"Just from a small amount of lost sleep we see a noticeable effect," he said.
Psychologist Stanley Coren, of the University of British Columbia, in Canada, agrees that losing sleep is bad news. But Coren, who did some of the original research on traffic accidents and daylight saving, also sees an upside to the time shift.
Because it'll be brighter for the commute home for the next few weeks, there will be fewer car accidents from twilight driving, he said.
And there's one simple way to make Sleepy Monday safer and therefore reap all the benefits and none of the costs.
"Go to bed an hour earlier," Coren said. "It's not rocket science." and don't forget you change you clock.
By Editorial Staff of To your Health
Whether you're a night owl enjoying the social scene until early morning; a compulsive couch potato destined to watch the boob tube until the clock strikes midnight (or beyond); a parent – new or seasoned – struggling to find enough time in the day to relax, much less sleep; or an overworked, overstressed office worker resigned to daily desk doldrums, fatigue is something we all fight on a daily basis. For some, all that's required is a few extra hours of sleep a night; for too many others, it requires changing your behavior permanently to make relaxation the priority and put fatigue on notice. Here are five ways to fight fatigue and improve your mental and physical health:
- Put your body in motion: Regular exercisers understand that the secret to long-term energy actually comes from expending energy through exercise. Counter-intuitive to non-exercisers and even new exercisers, of course, but a simple strategy for building energy that lasts throughout the day. Not only does the act of exercising naturally “wake you up” from your fatigue-draining day, but it also encourages the production of endorphins, chemicals that reduce pain perception and improve mood. What's more, the more muscle you build and the higher your metabolism, the more your body can handle the demands of your busy day – giving you more energy to get out there and show off your great physique.
- Eat to win: This is an easy one when it comes to energy production, but unfortunately, it's ignored on an ever-increasing basis. Fast foods, processed snacks and nutrition-deficient meals not only provide short-term energy that quickly fades, leaving you fatigued – not to mention hungry, which can lead to overeating and weight gain (a definite energy-sapper); the sugar and fat content of many of the foods Americans commonly eat also “weigh us down,” literally and figuratively, draining us of our physical ability (and mental desire) to do anything except lie down and take a nap. In short, our eating habits are a recipe for disaster when it comes to staying energized. The solution is straightforward: Replace some of those burgers and shakes with nutrient-dense fruits, veggies, whole grains and lean proteins that provide your body with an all-day source of energy.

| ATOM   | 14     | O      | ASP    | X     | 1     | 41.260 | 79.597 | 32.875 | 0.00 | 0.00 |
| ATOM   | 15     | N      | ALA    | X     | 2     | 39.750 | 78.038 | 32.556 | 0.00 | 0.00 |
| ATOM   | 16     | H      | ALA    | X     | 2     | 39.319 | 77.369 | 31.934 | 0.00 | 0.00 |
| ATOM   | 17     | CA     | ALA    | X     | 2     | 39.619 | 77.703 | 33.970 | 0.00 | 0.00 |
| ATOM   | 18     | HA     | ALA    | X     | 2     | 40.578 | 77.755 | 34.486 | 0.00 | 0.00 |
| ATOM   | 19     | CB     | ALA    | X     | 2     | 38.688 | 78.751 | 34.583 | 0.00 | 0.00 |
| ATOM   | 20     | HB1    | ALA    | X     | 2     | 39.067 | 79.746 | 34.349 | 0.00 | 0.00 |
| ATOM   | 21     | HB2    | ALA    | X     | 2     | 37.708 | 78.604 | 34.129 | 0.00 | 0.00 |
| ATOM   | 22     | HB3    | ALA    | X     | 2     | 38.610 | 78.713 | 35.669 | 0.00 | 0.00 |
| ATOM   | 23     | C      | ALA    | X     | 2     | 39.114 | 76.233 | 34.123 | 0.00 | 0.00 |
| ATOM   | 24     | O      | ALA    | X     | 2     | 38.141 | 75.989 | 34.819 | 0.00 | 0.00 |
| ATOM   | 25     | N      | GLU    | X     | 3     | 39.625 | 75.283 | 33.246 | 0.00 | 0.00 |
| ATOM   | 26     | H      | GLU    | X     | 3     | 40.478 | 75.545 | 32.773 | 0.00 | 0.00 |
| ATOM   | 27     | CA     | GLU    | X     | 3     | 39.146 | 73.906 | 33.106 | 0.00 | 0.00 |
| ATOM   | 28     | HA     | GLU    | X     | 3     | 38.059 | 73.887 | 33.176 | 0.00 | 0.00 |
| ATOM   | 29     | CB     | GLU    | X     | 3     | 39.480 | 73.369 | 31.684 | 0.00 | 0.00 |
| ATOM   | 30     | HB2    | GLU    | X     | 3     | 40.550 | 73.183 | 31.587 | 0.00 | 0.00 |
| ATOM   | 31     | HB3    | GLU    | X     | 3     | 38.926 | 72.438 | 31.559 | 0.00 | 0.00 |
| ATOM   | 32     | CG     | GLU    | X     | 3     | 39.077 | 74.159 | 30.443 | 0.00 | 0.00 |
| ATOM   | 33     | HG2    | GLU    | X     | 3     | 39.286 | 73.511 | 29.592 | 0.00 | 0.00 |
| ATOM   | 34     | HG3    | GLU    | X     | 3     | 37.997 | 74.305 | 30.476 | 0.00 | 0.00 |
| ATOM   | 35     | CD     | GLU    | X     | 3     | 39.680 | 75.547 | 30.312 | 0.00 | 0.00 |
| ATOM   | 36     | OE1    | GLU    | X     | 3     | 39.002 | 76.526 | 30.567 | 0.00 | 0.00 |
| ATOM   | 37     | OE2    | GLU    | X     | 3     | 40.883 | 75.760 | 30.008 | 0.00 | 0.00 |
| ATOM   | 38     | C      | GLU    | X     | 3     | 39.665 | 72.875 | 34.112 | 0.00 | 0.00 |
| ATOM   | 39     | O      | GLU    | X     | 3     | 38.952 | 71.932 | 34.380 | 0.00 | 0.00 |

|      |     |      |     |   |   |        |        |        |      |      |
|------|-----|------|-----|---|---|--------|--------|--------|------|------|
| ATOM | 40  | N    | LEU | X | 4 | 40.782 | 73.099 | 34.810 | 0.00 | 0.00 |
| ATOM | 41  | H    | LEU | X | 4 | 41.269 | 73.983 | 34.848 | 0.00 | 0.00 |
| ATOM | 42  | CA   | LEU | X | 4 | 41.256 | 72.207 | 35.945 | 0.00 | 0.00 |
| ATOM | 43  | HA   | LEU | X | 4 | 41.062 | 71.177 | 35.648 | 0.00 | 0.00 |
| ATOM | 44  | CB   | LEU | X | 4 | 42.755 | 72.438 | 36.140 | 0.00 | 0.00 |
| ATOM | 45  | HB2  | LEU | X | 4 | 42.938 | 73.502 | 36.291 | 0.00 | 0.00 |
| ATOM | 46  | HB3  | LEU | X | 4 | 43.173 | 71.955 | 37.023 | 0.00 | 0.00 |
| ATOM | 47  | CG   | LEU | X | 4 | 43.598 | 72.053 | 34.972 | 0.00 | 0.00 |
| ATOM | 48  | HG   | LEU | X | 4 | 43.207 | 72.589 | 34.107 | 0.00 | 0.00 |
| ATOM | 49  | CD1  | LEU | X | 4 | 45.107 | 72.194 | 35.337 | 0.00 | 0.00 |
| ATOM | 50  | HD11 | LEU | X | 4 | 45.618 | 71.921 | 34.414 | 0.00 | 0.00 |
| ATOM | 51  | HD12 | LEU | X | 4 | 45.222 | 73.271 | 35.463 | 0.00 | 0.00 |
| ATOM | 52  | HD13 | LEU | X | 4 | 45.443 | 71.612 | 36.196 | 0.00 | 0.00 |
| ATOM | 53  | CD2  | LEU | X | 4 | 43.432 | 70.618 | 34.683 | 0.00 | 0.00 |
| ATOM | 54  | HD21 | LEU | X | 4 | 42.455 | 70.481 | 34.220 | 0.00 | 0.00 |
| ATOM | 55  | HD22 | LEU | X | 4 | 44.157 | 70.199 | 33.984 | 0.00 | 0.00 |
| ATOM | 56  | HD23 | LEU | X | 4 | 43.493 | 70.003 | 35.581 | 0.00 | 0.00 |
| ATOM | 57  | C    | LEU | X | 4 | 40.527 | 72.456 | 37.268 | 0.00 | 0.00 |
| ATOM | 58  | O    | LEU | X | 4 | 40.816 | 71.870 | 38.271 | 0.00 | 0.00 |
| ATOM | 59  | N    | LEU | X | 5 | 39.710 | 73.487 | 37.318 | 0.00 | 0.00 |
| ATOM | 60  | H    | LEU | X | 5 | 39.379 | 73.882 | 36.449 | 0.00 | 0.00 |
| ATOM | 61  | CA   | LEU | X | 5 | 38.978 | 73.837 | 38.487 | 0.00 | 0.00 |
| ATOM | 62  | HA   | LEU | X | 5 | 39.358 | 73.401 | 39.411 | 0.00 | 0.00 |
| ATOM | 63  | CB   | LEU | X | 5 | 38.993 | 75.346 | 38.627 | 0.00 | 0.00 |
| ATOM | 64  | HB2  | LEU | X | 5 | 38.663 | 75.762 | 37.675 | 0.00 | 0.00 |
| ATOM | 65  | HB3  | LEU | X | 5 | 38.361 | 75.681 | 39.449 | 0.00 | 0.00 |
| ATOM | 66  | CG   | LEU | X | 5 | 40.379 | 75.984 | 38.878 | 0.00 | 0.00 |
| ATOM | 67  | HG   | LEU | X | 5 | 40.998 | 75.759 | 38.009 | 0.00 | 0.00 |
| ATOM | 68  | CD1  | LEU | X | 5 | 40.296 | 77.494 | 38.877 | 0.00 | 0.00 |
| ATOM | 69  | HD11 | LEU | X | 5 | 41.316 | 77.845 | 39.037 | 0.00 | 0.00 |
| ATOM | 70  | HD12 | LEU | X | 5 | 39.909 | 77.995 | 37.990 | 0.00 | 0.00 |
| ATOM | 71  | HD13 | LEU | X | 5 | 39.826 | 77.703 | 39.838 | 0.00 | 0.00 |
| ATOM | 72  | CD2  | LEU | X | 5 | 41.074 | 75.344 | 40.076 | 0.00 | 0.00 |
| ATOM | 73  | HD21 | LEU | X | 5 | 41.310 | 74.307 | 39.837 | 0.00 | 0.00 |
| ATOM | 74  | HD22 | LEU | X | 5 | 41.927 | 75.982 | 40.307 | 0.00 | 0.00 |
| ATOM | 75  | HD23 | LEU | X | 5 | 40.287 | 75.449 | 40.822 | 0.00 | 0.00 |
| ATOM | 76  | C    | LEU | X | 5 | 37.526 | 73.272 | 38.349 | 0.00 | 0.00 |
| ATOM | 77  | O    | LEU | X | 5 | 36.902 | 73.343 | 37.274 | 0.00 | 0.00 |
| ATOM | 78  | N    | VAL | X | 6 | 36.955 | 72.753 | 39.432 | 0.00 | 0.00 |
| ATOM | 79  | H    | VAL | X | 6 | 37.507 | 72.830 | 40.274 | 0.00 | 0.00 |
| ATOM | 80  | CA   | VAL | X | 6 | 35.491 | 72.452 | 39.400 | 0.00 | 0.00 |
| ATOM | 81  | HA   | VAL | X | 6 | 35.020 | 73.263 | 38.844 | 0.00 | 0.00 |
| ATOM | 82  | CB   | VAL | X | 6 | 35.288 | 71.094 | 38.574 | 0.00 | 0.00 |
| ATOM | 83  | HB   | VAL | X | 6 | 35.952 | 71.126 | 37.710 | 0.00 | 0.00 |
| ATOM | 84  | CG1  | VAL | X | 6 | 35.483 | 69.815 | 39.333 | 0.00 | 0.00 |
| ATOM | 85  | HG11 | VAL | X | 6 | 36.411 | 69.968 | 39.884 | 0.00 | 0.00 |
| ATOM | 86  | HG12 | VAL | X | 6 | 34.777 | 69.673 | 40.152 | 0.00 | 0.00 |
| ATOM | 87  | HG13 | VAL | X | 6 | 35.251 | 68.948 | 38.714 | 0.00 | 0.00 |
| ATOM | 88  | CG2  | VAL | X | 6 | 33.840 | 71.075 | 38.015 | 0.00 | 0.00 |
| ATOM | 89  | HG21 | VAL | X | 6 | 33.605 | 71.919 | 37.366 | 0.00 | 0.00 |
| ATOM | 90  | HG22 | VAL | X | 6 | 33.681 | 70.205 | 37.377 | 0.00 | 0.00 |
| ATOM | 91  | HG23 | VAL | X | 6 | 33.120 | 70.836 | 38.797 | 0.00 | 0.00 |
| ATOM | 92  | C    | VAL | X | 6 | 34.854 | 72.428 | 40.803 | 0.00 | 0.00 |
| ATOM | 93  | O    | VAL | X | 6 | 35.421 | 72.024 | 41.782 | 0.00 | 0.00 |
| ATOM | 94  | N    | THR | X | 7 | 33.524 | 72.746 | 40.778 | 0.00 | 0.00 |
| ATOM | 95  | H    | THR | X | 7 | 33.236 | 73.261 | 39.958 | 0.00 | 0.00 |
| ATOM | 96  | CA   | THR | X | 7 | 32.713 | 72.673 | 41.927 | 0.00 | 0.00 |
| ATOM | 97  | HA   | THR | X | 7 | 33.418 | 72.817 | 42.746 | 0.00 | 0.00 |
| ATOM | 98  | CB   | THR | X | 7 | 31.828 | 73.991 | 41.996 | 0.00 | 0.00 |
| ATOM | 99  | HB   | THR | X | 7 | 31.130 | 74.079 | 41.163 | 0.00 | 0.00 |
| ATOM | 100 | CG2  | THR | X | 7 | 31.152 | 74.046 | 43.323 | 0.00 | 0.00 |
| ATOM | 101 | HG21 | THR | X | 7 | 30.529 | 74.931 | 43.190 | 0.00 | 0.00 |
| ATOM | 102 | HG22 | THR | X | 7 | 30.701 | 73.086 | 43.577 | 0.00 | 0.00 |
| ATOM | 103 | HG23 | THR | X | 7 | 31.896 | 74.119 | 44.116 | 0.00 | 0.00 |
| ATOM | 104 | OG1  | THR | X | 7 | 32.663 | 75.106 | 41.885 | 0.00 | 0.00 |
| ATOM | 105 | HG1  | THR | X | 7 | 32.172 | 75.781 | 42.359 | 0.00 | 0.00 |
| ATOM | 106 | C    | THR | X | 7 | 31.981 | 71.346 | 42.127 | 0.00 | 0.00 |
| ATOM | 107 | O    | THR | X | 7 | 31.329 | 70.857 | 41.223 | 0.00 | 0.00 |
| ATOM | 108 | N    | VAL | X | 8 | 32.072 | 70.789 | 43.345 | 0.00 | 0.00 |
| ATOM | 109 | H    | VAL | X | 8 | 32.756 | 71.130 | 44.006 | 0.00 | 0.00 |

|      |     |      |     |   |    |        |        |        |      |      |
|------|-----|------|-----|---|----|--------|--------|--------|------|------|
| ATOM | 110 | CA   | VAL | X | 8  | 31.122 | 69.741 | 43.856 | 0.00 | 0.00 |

- Get into a sleep rhythm: Research suggests that the amount of sleep you get is less important than the regularity and quality of sleep when it comes to proper restoration / rejuvenation. That means if you get eight hours of sleep a night, but it's interrupted by barking dogs, crying babies or countless trips to the bathroom, there's a good chance you'll be fighting fatigue more than the person who only gets six hours a night, but does so in peaceful, uninterrupted fashion. What's more, timing is pivotal when it comes to sleep: go to bed at about the same time every night (and wake up at about the same time every morning) and you'll find yourself more refreshed and energized than if your sleep schedule varies widely.
- Get away: Pure and simple, if you never have a chance to relax and restore your energy levels, you'll gradually wear down until the meter's on empty. Whether it's taking a few vacations away from the office – and the city you live in – every year; reserving 15-20 minutes a day to read a good book, soak in the bath or just take a walk and process your day; or reminding yourself that the paperwork on your desk can wait until tomorrow, keep your energy levels high by making some you time to remind yourself that life is great – and so much more rewarding when you've got the energy to enjoy it.
Your Health ~ March, 2013 (Vol. 07, Issue 03)
Lose Sleep, Gain Weight
Gaining weight may have to do more with how many zzz's you are getting rather than how much you are consuming. New research has found that losing just a few hours of sleep a few nights in a row can lead to almost immediate weight gain. Just how much? Let's find out.